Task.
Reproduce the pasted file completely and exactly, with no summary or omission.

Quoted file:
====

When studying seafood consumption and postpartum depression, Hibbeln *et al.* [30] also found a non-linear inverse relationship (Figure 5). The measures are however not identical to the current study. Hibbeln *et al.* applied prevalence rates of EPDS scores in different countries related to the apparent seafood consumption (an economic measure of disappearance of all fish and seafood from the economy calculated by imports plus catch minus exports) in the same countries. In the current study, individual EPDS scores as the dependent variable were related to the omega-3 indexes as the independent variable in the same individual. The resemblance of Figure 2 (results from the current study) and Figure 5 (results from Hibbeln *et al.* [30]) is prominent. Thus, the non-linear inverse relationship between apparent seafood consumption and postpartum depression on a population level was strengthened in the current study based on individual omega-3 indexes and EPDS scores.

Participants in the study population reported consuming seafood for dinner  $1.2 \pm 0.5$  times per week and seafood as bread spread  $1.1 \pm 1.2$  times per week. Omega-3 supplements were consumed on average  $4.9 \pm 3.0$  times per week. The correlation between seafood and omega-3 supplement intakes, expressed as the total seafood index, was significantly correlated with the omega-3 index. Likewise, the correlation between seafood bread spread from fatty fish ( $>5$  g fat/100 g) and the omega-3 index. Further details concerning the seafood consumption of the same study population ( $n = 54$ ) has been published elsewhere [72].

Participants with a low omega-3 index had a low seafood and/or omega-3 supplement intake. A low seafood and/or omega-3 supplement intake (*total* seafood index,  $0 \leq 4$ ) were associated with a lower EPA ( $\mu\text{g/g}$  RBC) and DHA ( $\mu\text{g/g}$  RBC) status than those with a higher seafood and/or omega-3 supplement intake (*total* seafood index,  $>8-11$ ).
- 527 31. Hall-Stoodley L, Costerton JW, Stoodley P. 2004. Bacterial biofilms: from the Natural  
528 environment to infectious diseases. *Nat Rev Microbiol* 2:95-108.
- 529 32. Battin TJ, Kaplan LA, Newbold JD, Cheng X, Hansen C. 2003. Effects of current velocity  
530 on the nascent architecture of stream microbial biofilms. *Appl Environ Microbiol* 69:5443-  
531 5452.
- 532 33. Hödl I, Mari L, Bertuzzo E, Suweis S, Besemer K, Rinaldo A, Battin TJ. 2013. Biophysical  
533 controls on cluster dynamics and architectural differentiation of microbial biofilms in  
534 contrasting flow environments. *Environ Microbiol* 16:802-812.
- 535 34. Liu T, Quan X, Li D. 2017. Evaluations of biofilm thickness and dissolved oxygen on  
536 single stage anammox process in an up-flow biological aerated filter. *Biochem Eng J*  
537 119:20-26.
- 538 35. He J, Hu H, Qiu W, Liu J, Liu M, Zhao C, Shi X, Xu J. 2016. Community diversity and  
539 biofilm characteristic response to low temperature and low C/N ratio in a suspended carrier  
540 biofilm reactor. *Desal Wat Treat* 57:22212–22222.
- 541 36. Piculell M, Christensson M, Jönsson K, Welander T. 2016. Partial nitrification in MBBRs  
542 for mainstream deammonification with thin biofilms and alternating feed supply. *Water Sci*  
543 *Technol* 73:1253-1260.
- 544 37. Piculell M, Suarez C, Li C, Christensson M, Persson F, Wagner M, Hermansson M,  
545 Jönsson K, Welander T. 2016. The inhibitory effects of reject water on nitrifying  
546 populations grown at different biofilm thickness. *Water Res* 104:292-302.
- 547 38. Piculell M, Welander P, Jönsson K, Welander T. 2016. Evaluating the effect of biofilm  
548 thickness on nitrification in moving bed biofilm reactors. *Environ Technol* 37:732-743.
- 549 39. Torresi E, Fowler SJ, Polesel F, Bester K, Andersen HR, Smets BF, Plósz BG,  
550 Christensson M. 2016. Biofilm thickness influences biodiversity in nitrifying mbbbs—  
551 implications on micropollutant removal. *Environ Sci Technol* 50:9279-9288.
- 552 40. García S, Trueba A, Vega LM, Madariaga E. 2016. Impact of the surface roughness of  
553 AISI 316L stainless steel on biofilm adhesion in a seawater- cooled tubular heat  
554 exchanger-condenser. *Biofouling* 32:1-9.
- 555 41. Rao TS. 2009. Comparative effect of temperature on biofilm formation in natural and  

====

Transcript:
When studying seafood consumption and postpartum depression, Hibbeln *et al.* [30] also found a non-linear inverse relationship (Figure 5). The measures are however not identical to the current study. Hibbeln *et al.* applied prevalence rates of EPDS scores in different countries related to the apparent seafood consumption (an economic measure of disappearance of all fish and seafood from the economy calculated by imports plus catch minus exports) in the same countries. In the current study, individual EPDS scores as the dependent variable were related to the omega-3 indexes as the independent variable in the same individual. The resemblance of Figure 2 (results from the current study) and Figure 5 (results from Hibbeln *et al.* [30]) is prominent. Thus, the non-linear inverse relationship between apparent seafood consumption and postpartum depression on a population level was strengthened in the current study based on individual omega-3 indexes and EPDS scores.

Participants in the study population reported consuming seafood for dinner  $1.2 \pm 0.5$  times per week and seafood as bread spread  $1.1 \pm 1.2$  times per week. Omega-3 supplements were consumed on average  $4.9 \pm 3.0$  times per week. The correlation between seafood and omega-3 supplement intakes, expressed as the total seafood index, was significantly correlated with the omega-3 index. Likewise, the correlation between seafood bread spread from fatty fish ( $>5$  g fat/100 g) and the omega-3 index. Further details concerning the seafood consumption of the same study population ( $n = 54$ ) has been published elsewhere [72].

Participants with a low omega-3 index had a low seafood and/or omega-3 supplement intake. A low seafood and/or omega-3 supplement intake (*total* seafood index,  $0 \leq 4$ ) were associated with a lower EPA ( $\mu\text{g/g}$  RBC) and DHA ( $\mu\text{g/g}$  RBC) status than those with a higher seafood and/or omega-3 supplement intake (*total* seafood index,  $>8-11$ ).
- 527 31. Hall-Stoodley L, Costerton JW, Stoodley P. 2004. Bacterial biofilms: from the Natural  
528 environment to infectious diseases. *Nat Rev Microbiol* 2:95-108.
- 529 32. Battin TJ, Kaplan LA, Newbold JD, Cheng X, Hansen C. 2003. Effects of current velocity  
530 on the nascent architecture of stream microbial biofilms. *Appl Environ Microbiol* 69:5443-  
531 5452.
- 532 33. Hödl I, Mari L, Bertuzzo E, Suweis S, Besemer K, Rinaldo A, Battin TJ. 2013. Biophysical  
533 controls on cluster dynamics and architectural differentiation of microbial biofilms in  
534 contrasting flow environments. *Environ Microbiol* 16:802-812.
- 535 34. Liu T, Quan X, Li D. 2017. Evaluations of biofilm thickness and dissolved oxygen on  
536 single stage anammox process in an up-flow biological aerated filter. *Biochem Eng J*  
537 119:20-26.
- 538 35. He J, Hu H, Qiu W, Liu J, Liu M, Zhao C, Shi X, Xu J. 2016. Community diversity and  
539 biofilm characteristic response to low temperature and low C/N ratio in a suspended carrier  
540 biofilm reactor. *Desal Wat Treat* 57:22212–22222.
- 541 36. Piculell M, Christensson M, Jönsson K, Welander T. 2016. Partial nitrification in MBBRs  
542 for mainstream deammonification with thin biofilms and alternating feed supply. *Water Sci*  
543 *Technol* 73:1253-1260.
- 544 37. Piculell M, Suarez C, Li C, Christensson M, Persson F, Wagner M, Hermansson M,  
545 Jönsson K, Welander T. 2016. The inhibitory effects of reject water on nitrifying  
546 populations grown at different biofilm thickness. *Water Res* 104:292-302.
- 547 38. Piculell M, Welander P, Jönsson K, Welander T. 2016. Evaluating the effect of biofilm  
548 thickness on nitrification in moving bed biofilm reactors. *Environ Technol* 37:732-743.
- 549 39. Torresi E, Fowler SJ, Polesel F, Bester K, Andersen HR, Smets BF, Plósz BG,  
550 Christensson M. 2016. Biofilm thickness influences biodiversity in nitrifying mbbbs—  
551 implications on micropollutant removal. *Environ Sci Technol* 50:9279-9288.
- 552 40. García S, Trueba A, Vega LM, Madariaga E. 2016. Impact of the surface roughness of  
553 AISI 316L stainless steel on biofilm adhesion in a seawater- cooled tubular heat  
554 exchanger-condenser. *Biofouling* 32:1-9.
- 555 41. Rao TS. 2009. Comparative effect of temperature on biofilm formation in natural and  